A Fort Langley artist, who spearheaded the Township’s first rainbow crosswalk, is continuing to promote diversity and inclusivity in the community through art.
Working with more than 400 students from Langley and New Westminster, Elaine-Brewer White has created two mosaic “Benches of Diversity” and gifted them to the Township in support of its arts and cultural services plan.
The eight-foot concrete benches — which were unveiled at Derek Doubleday Arboretum on May 3 — feature hundreds of individual ceramic tiles that students in Grades 6 to 12 painted with self-portraits, and words and images of diversity. Brewer-White and her assistant, Cindy Murphy, then pieced the tiles together to form the two benches.
“Each tile was painstakingly done by these students. Some students only had about an hour and a half, some students worked on it for weeks at a time because it was so important to them to present themselves,”said Brewer-White during the official unveiling ceremony.
“There are kids representing every kind of culture in our community, from beautiful girls with long eyelashes, to kids with rainbows behind them, to girls wearing hijabs. And that is a really powerful statement to me, and that’s what we need to make our community strong. We need to have all these different communities come together and pull each other up, and that’s what Langley is to me.”
Locally, students from R. E. Mountain Secondary, Langley Secondary School and H.D. Stafford Middle School took part.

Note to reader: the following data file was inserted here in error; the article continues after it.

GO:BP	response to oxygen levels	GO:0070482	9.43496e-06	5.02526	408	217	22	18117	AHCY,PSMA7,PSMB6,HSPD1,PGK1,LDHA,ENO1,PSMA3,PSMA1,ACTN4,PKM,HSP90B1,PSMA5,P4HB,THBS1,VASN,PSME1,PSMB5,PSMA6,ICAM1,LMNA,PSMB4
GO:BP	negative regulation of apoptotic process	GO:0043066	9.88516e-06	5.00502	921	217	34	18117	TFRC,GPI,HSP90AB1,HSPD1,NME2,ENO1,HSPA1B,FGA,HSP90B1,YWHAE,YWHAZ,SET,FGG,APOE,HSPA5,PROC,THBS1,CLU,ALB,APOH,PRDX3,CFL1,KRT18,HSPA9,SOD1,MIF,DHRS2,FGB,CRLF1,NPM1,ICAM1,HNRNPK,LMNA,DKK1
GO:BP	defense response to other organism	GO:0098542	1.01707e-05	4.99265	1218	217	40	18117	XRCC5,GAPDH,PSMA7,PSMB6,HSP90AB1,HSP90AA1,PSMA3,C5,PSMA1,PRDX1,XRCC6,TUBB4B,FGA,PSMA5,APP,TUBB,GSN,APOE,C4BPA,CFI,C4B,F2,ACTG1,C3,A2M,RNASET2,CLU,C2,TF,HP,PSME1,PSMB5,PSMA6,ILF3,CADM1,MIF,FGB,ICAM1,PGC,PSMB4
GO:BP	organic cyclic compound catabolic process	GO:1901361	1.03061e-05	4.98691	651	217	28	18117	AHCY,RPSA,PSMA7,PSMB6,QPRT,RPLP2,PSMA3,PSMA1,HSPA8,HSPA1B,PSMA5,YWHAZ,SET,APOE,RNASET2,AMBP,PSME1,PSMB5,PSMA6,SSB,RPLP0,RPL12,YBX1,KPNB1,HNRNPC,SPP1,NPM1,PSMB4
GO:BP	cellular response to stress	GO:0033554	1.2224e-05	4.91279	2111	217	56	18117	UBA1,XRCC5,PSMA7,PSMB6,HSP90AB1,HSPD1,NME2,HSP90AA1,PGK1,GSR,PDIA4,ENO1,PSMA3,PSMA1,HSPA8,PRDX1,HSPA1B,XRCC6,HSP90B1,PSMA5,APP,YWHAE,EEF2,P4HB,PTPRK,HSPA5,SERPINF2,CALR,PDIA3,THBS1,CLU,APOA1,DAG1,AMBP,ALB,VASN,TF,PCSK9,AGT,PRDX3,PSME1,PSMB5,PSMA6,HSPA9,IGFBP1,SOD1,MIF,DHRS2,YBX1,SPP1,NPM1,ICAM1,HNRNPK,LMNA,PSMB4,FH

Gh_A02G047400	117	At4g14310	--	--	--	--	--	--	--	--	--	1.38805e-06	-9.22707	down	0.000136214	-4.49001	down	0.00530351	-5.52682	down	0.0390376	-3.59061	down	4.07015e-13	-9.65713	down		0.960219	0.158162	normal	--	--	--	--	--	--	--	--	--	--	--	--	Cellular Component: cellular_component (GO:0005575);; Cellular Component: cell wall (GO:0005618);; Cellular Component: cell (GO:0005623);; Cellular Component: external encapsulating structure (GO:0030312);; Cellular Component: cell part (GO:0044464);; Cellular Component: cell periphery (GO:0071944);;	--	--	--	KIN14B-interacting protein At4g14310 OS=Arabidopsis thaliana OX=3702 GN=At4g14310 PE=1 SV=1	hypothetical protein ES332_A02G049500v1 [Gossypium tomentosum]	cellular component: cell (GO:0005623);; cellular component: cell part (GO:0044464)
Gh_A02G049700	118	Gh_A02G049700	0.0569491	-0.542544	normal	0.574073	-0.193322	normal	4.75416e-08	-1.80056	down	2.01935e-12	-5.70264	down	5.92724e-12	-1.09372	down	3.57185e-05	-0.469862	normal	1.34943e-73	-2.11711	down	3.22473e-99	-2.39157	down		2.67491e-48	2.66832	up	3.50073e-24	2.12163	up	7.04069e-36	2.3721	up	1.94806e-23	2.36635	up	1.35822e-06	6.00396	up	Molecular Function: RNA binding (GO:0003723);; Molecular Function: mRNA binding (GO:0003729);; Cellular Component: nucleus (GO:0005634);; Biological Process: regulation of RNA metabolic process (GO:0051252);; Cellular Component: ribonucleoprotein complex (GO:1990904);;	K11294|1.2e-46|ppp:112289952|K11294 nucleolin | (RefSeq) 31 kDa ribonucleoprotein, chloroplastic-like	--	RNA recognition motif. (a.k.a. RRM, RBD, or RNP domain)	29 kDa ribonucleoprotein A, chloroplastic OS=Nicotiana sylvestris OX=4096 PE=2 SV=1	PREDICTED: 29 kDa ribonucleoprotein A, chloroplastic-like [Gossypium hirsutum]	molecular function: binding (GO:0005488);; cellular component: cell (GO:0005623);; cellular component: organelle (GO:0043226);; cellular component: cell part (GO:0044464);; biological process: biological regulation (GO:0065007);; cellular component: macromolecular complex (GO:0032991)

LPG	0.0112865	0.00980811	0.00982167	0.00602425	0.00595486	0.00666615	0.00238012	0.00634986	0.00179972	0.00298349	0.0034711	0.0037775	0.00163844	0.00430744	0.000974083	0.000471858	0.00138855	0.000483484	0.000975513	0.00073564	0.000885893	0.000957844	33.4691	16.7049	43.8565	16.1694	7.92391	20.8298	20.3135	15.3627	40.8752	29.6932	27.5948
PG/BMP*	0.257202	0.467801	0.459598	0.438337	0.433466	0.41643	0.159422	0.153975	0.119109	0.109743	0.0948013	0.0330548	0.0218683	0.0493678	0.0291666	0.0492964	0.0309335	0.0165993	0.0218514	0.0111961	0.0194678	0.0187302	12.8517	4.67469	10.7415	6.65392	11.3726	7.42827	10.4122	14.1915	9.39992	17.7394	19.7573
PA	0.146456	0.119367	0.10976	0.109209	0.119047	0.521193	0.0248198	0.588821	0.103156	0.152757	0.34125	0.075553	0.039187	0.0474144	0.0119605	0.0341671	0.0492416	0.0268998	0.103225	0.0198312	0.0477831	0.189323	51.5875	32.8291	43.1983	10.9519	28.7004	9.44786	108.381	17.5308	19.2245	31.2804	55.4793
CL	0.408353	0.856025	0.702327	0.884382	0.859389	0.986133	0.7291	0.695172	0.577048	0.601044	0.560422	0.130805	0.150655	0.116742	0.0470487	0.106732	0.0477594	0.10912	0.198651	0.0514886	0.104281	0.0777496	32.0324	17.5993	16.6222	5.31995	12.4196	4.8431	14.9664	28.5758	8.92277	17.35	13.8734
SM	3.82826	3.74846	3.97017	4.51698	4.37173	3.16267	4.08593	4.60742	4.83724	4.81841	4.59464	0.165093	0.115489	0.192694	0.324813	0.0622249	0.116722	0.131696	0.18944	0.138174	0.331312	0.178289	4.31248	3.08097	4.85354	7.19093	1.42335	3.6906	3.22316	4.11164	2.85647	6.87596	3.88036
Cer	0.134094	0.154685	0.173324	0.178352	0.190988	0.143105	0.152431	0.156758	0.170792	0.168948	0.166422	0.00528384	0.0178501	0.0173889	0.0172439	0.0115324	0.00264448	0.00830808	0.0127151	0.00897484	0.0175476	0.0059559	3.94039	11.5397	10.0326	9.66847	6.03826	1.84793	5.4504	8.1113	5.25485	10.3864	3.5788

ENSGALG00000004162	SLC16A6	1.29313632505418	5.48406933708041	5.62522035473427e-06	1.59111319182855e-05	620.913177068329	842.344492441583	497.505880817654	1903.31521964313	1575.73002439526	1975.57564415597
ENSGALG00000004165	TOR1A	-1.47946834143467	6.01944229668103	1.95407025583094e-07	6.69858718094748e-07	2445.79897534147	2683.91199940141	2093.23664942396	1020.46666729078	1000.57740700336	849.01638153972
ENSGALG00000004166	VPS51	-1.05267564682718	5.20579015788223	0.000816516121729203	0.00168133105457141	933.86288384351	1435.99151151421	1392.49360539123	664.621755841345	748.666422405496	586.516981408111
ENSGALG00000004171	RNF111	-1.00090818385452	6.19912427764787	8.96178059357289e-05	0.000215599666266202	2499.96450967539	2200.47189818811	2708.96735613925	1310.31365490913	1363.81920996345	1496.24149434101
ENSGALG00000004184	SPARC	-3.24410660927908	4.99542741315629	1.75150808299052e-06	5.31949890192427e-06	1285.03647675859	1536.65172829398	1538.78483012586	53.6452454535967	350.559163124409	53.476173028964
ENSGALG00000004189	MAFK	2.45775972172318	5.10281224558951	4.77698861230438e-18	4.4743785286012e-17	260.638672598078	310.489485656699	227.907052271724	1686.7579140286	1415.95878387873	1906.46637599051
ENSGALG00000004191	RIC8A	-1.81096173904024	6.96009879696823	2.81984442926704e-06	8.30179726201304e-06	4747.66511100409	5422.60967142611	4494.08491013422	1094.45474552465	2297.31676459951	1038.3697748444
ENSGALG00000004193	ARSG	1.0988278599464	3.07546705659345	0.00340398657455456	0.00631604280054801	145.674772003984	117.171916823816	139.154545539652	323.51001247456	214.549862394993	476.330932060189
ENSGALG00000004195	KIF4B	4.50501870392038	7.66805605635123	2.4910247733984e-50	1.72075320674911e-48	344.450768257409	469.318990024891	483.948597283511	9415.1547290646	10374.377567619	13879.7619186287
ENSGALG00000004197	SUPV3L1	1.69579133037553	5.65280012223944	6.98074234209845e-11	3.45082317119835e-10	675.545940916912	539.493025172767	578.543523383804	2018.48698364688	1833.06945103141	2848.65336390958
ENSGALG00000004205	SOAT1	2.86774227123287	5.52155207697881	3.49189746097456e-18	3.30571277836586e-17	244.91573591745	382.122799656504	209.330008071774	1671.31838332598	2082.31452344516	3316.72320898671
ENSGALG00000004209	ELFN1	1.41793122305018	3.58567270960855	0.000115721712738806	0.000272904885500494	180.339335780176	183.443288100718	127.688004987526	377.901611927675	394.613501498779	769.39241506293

At Langley Secondary, the students had just one block in their Grade 11/12 ceramics class to create their tiles.
“I think it’s cool that it’s all very individual. You have to do your own self portrait, so it’s cool to see all the faces and pictures (come together),” said Tanya Velikajne, a Grade 12 student who attended the unveiling ceremony.
“I think it’s cool to see everyone’s interpretations of art all in one project together, it shows that it’s diverse,” said Raquel De Leon, a Grade 11 student.
“Everyone had the same project, but we all came out with such different products, and that shows diversity itself,” added Stephanie Gilchrist, a Grade 12 student.
The project was made possible by an anonymous donor, who made a late donation of $5,000 to the GoFundMe campaign for the rainbow crosswalk.
“I’m really impressed with the effort and talent demonstrated by the students, and grateful to Ms. Brewer-White for initiating and undertaking this project,” said Mayor Jack Froese during the ceremony.
“People will see and sit on these benches for years to come, and I hope they will enjoy the artistry, and reflect on diversity and the need for inclusivity and acceptance in our community.”